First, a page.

So, less than 135,000 tons is sourced under some sort of standard, leaving nearly three-quarters of a million tons of coffee not meeting any sort of basic sustainability requirements at all!
Even less than meets the eye?
On page 125, Nestlé states a goal to source 90,000 tons of coffee that complies with the Sustainable Agriculture Standard by 2020. That sounds like a volume that would be around 10% of Nestlé’s annual purchases. However, a footnote explains that this is an “aggregate figure from 2010 to 2020″. In other words, 90,000 tons over 10 years, or 1% of Nestlé’s total green coffee purchases.
A similar footnote is not given for their goal of sourcing 180,000 tons of 4C-compliant coffee by 2015, but later in the report when these figures are provided, the language seems to indicate that this is also a cumulative amount. For instance, on page 152, the report says (my emphasis added) “By 2015, we aim to source 180,000 tonnes…” and “By the end of 2013, we had sourced 148,198 tonnes…” On page 157, it says “…we will have bought 180,000 tonnes…by 2015…” If this were an annual amount, wouldn’t the wording be, for example, “In 2013, we sourced…”?
- They tout that an independent study found that Colombian farms in their Nespresso AAA program had “52% better environmental conditions” than non-AAA farms. Examining the actual report (link here) shows that this figure included farms with Rainforest Alliance certification. It did not say how many of the farms had the certification, or how the conditions on these certified farms drove up the environmental index.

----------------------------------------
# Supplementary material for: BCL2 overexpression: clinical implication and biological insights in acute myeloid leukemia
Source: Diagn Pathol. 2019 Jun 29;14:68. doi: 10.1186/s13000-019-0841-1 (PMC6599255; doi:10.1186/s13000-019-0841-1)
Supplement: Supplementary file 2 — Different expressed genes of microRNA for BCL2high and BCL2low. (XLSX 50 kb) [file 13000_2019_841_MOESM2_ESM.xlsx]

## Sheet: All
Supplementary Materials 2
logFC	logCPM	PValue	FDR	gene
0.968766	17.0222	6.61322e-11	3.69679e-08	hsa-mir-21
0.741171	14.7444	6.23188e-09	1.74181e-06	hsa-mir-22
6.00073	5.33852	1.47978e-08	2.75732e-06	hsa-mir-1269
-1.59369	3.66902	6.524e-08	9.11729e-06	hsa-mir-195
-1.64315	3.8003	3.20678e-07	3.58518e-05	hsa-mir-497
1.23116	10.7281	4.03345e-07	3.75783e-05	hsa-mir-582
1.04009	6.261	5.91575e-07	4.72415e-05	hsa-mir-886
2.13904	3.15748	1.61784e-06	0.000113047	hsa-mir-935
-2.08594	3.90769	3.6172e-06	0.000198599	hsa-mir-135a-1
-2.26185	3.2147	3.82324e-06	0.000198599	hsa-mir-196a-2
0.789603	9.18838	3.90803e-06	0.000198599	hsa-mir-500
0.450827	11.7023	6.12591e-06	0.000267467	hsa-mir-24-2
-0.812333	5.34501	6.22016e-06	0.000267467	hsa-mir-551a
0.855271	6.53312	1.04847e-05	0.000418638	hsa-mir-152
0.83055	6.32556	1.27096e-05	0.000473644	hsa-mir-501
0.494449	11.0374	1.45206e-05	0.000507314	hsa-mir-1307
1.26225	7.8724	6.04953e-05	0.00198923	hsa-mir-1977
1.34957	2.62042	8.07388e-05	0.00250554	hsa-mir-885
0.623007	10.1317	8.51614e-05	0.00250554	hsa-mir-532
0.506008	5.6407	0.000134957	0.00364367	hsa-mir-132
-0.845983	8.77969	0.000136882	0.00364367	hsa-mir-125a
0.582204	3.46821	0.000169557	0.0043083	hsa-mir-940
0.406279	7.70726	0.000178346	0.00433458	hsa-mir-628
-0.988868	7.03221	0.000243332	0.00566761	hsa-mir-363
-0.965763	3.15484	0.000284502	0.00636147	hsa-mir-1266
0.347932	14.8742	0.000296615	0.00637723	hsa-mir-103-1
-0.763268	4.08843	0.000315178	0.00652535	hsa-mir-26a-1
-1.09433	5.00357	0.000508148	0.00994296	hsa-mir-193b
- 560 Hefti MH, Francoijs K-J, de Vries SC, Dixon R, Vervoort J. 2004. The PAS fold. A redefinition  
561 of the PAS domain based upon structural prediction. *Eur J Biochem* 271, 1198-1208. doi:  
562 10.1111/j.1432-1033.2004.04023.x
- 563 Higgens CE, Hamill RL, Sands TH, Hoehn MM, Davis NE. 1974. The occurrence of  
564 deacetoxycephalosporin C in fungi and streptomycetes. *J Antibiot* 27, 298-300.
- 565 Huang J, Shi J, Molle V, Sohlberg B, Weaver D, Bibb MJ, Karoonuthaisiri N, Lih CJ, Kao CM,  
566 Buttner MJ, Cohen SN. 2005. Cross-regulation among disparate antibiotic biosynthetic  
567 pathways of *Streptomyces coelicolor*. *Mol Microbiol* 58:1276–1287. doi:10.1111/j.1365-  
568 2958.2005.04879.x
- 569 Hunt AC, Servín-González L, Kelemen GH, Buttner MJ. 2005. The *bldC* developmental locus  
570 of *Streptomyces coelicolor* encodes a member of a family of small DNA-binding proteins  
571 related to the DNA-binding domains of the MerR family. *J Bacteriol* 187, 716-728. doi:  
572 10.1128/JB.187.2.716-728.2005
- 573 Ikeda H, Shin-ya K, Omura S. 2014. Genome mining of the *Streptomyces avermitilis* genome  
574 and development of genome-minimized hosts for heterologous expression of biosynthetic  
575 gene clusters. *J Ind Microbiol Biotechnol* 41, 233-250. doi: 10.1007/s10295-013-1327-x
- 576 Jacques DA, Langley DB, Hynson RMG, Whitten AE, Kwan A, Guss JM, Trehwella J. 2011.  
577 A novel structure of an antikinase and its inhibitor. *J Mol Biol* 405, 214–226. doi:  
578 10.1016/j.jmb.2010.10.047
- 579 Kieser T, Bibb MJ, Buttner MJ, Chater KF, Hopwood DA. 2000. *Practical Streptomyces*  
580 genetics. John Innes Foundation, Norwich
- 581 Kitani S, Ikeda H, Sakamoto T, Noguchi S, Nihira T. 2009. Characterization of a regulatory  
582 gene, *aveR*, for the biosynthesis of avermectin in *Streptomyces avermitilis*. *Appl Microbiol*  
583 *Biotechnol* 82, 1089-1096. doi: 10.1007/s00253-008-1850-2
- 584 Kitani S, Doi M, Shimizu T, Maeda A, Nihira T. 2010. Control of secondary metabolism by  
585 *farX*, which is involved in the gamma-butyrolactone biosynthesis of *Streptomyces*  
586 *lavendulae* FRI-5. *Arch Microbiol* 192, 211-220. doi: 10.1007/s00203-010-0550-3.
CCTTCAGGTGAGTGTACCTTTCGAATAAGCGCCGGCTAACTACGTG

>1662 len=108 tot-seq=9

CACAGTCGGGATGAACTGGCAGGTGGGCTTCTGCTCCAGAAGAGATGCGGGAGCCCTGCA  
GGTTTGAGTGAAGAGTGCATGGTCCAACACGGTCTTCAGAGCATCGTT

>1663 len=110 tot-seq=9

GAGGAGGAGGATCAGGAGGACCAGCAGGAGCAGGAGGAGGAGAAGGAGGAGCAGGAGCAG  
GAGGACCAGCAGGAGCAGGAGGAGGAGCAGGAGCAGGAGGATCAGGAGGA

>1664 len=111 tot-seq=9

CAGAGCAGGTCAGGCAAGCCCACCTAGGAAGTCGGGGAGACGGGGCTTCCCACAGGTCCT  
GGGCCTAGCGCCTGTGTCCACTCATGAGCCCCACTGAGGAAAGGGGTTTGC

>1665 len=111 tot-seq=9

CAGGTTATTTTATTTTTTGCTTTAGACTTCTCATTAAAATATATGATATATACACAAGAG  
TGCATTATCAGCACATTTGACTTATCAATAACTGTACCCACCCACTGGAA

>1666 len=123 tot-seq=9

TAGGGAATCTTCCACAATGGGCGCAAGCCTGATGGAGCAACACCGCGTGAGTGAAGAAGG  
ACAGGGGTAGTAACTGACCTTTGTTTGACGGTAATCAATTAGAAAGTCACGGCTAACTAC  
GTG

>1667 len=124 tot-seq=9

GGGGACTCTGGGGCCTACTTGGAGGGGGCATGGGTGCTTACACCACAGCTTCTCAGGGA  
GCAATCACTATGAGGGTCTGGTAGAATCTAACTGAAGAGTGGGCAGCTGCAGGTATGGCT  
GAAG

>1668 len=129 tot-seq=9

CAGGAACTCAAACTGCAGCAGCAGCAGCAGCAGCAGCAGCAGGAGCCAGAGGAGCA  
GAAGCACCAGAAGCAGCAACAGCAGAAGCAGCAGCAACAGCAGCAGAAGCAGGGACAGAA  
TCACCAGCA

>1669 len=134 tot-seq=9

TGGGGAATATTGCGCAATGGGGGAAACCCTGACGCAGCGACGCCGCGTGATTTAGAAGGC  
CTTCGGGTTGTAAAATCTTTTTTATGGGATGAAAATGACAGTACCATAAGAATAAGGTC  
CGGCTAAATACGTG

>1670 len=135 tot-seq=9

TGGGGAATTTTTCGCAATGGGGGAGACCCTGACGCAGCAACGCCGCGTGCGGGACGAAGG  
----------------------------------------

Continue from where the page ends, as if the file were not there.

- The percentage of their suppliers that comply with the company’s supplier code has declined from 96% in 2011, to 74% in 2013.
In a similar vein, the company’s strategy for biodiversity impacts of coffee states: “Biodiversity issues are managed primarily through the use of the 4C Coffee Code, the Nespresso AAA Sustainability Quality Program and the Nescafé Plan, which, in partnership with Rainforest Action Network, has developed better farming practices.”
In a nutshell
Remember, Nestlé has no interest in investing in or marketing third-party certified coffee, so it’s worth repeating we get from Nestlé:
- around 50,000 tons of coffee sourced under their mystery Nespresso AAA guidelines
- plus 71,493 tons sourced under the dubiously-meaningful 4C code of conduct,
- leaving more than 740,000 tons of coffee sourced from farms following no sustainability standards, or at least none known or being disclosed to the public.
1Alvarez, G., C. Pilbeam, and R. Wilding. 2010.Nestlé Nespresso AAA sustainable quality program: an investigation into the governance dynamics in a multi-stakeholder supply chain network. Supply Chain Management 15(2):165 – 182. DOI: 10.1108/13598541011028769
2Data converted from world production statistics, International Coffee Organization.
3Nestlé Nespresso Ecolaboration Progress Report, June 2011.